Do You Pay Your Top Sales and Marketing Executives Enough?
Product sampling is a time-honored, inexpensive way to get people to try something new. For about $100 a day, you can hire a demonstration company to set up a table in the supermarket (see "Product Sampling," Sales & Marketing, No. 10911581, October 1991) and give samples to upwards of 500 prospects a day. But when your product is in some 6,000 stores, $100 per demo adds up fast. So tofu maker Nasoya Foods, which uses recipes for its in-store demos, shares demonstration costs with the vendors of products used in the recipes. "It makes it affordable to introduce tofu to a lot more people," says John Paino, president of the $7-million Leominster, Mass., company.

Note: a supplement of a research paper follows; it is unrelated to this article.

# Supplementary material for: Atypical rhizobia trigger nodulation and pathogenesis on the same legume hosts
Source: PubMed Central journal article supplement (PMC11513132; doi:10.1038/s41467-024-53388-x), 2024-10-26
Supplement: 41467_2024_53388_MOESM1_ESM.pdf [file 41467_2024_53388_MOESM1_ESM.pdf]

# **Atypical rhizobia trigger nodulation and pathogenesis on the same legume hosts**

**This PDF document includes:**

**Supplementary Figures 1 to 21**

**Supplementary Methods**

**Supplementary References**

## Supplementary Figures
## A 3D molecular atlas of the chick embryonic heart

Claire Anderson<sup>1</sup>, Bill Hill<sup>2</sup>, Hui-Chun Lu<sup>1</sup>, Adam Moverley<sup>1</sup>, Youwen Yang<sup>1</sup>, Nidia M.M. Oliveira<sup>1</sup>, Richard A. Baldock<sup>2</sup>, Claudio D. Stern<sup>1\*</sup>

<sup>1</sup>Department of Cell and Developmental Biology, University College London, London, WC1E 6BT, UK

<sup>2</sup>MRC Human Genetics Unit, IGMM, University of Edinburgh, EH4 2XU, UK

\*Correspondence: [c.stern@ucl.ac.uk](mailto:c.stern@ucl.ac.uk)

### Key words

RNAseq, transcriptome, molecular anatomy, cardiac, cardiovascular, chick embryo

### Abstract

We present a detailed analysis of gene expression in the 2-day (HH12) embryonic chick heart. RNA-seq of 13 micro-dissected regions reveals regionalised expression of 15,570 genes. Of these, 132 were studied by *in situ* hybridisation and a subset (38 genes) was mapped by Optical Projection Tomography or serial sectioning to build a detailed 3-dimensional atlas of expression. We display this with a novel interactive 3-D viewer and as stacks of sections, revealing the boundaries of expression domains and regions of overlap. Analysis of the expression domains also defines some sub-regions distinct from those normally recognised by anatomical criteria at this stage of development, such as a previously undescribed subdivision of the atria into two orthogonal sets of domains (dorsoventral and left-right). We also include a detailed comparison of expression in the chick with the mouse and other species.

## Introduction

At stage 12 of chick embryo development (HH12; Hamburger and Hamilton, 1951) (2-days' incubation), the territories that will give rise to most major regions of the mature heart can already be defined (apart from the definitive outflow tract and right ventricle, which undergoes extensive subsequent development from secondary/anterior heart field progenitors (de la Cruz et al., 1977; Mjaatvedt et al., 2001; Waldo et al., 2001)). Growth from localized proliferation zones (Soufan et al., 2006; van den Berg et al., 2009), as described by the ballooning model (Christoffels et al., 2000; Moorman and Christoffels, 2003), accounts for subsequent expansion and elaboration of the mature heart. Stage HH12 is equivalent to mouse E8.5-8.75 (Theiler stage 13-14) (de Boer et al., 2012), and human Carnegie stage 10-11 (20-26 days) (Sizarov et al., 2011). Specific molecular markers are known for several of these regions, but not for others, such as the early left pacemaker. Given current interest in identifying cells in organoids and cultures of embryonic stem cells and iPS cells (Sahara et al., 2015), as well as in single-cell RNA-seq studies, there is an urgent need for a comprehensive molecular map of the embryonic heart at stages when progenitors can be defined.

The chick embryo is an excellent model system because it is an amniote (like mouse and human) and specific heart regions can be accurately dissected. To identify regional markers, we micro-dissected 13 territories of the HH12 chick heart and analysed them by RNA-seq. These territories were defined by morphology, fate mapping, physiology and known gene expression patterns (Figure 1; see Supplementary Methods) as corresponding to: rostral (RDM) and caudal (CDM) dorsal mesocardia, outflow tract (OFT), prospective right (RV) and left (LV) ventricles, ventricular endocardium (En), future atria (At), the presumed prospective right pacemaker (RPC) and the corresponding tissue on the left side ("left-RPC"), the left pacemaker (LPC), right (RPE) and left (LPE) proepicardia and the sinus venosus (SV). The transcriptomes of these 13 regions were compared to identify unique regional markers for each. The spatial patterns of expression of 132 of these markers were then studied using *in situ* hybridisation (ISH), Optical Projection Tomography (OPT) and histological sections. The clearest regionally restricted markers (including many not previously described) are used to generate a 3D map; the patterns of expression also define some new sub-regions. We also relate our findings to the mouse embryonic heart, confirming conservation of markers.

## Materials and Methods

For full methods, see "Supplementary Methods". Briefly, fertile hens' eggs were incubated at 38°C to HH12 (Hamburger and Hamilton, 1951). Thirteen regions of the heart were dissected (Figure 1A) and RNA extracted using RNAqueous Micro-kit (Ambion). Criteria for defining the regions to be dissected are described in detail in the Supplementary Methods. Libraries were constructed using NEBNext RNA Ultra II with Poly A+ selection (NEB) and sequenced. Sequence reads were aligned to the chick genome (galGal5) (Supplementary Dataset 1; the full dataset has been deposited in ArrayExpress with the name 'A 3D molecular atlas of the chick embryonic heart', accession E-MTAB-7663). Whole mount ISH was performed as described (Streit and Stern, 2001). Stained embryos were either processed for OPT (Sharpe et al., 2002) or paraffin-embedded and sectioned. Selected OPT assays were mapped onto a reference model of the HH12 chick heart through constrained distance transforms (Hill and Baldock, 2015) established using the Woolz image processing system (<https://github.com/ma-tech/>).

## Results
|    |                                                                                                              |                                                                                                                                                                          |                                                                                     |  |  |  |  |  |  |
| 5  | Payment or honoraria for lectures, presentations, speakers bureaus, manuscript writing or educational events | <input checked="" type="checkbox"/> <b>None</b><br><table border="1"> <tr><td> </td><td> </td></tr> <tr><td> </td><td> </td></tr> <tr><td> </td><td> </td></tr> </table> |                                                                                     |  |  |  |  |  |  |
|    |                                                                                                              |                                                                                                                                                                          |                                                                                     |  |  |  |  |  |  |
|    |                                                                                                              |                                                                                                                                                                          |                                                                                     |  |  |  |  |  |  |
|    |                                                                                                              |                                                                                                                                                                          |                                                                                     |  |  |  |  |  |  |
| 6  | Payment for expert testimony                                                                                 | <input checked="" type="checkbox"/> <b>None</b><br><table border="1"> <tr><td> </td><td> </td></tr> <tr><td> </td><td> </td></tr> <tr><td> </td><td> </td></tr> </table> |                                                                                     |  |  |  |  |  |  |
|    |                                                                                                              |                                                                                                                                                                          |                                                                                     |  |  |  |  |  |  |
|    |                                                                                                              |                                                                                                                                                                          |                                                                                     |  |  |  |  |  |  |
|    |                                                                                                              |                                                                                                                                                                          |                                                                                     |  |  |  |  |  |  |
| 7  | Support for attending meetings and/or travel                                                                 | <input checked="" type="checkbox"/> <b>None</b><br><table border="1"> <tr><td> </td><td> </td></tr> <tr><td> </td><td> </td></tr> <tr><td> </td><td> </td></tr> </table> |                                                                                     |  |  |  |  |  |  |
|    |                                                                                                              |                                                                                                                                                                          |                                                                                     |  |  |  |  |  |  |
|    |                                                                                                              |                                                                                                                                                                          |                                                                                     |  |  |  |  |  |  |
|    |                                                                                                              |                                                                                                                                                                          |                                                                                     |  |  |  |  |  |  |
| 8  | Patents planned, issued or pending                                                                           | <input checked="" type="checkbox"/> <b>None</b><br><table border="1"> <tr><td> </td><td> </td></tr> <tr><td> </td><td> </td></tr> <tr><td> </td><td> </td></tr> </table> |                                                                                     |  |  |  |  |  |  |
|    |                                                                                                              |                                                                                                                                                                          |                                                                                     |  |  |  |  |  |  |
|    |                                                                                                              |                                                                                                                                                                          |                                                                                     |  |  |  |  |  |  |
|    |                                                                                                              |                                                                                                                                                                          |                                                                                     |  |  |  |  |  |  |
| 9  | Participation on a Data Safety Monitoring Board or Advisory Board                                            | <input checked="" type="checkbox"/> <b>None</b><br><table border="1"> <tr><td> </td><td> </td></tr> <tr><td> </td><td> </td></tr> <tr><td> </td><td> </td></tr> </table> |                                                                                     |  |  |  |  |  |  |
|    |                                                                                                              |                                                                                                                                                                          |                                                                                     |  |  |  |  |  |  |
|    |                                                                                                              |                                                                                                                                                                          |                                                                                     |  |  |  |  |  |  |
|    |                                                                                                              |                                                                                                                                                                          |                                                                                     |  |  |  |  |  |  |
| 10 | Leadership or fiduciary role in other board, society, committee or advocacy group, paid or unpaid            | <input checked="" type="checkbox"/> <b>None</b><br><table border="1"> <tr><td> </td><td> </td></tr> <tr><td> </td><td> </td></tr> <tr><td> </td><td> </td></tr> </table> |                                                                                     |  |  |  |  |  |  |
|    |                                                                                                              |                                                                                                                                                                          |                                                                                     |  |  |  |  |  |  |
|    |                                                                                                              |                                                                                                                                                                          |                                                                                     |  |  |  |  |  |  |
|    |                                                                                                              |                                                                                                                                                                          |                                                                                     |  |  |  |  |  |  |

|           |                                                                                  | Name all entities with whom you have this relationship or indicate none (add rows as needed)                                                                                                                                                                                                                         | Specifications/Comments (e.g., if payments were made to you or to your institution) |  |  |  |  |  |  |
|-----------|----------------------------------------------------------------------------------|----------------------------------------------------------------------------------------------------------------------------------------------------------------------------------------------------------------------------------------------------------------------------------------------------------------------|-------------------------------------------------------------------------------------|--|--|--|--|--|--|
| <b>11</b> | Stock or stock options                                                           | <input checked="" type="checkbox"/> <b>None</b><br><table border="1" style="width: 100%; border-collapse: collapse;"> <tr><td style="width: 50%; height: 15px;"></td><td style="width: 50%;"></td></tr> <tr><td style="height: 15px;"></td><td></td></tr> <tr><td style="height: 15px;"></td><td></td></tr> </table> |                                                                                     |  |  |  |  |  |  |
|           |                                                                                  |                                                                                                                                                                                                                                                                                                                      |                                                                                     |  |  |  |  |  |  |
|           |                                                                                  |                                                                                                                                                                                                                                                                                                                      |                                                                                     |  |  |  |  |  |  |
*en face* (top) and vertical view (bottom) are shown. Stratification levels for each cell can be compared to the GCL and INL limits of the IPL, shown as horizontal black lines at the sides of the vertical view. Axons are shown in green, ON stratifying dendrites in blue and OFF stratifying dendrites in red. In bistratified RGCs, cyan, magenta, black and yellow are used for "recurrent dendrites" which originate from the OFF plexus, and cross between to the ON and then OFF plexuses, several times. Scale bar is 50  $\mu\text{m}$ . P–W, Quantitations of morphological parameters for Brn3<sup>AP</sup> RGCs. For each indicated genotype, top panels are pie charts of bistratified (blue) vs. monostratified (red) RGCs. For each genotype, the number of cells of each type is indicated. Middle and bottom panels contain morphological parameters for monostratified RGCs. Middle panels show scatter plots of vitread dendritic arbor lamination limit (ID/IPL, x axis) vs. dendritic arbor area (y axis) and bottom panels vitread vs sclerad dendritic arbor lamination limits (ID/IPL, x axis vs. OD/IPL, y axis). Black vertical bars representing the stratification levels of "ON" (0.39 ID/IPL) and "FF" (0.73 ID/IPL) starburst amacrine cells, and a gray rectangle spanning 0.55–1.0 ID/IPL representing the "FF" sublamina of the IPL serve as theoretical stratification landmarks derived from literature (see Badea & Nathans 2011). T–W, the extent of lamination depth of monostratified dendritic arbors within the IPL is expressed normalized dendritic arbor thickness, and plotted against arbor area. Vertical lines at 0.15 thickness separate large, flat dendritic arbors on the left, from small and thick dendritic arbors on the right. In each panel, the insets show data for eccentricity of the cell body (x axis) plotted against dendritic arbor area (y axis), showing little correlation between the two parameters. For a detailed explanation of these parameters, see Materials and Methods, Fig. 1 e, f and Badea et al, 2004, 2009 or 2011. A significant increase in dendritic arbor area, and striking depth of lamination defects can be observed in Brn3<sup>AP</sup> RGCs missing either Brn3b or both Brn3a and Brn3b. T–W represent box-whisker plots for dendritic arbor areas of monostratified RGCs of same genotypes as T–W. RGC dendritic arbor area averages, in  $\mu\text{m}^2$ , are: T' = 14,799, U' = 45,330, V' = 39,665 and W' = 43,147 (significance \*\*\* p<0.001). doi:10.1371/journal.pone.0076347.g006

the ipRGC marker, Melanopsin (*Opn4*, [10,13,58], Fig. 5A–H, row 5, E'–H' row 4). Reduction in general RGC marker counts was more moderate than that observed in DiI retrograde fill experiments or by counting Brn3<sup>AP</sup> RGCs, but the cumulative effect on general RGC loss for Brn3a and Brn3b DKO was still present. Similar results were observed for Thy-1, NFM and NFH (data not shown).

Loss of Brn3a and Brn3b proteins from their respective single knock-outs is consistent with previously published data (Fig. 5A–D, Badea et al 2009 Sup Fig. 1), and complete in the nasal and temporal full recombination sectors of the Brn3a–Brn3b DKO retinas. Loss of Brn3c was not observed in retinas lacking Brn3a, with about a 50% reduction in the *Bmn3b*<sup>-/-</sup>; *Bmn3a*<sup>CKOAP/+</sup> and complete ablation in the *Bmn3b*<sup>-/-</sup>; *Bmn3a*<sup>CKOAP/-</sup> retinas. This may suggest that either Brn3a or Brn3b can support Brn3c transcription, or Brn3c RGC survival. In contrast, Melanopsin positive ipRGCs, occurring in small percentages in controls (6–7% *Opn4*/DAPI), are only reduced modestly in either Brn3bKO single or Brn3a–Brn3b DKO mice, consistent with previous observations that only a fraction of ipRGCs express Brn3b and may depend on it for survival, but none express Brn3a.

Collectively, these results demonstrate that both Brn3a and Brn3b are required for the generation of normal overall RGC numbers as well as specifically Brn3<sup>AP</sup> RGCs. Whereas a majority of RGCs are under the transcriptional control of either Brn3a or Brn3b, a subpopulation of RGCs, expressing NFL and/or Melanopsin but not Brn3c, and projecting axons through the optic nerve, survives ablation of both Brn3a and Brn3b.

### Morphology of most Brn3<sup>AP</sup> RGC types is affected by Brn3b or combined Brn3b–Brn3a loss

Stonyfield Farm also teams up with its vendors. In March the $14-million maker of yogurt and frozen yogurt in Londonderry, N.H., ran a 30-day promotion with Rebecca's Café, a Boston chain of eight "upscale fast-food" restaurants. Café patrons were treated to a free scoop of Stonyfield frozen yogurt on top of whatever Rebecca's dessert they ordered. Stonyfield gave Rebecca's credit for the frozen yogurt used, and the two companies split the cost of the point-of-sale material -- namely, placards proclaiming, "There's only one way to top our desserts." Rebecca's sold about 15% more sliced desserts that month than usual, and in a usually dead month for frozen yogurt, about 1,250 customers opted for it.
Says Stonyfield president Gary Hirshberg: "We don't advertise, and we can't afford supermarket slotting fees, so getting people to taste our product is our entire focus."
-- Susan Greco* * *
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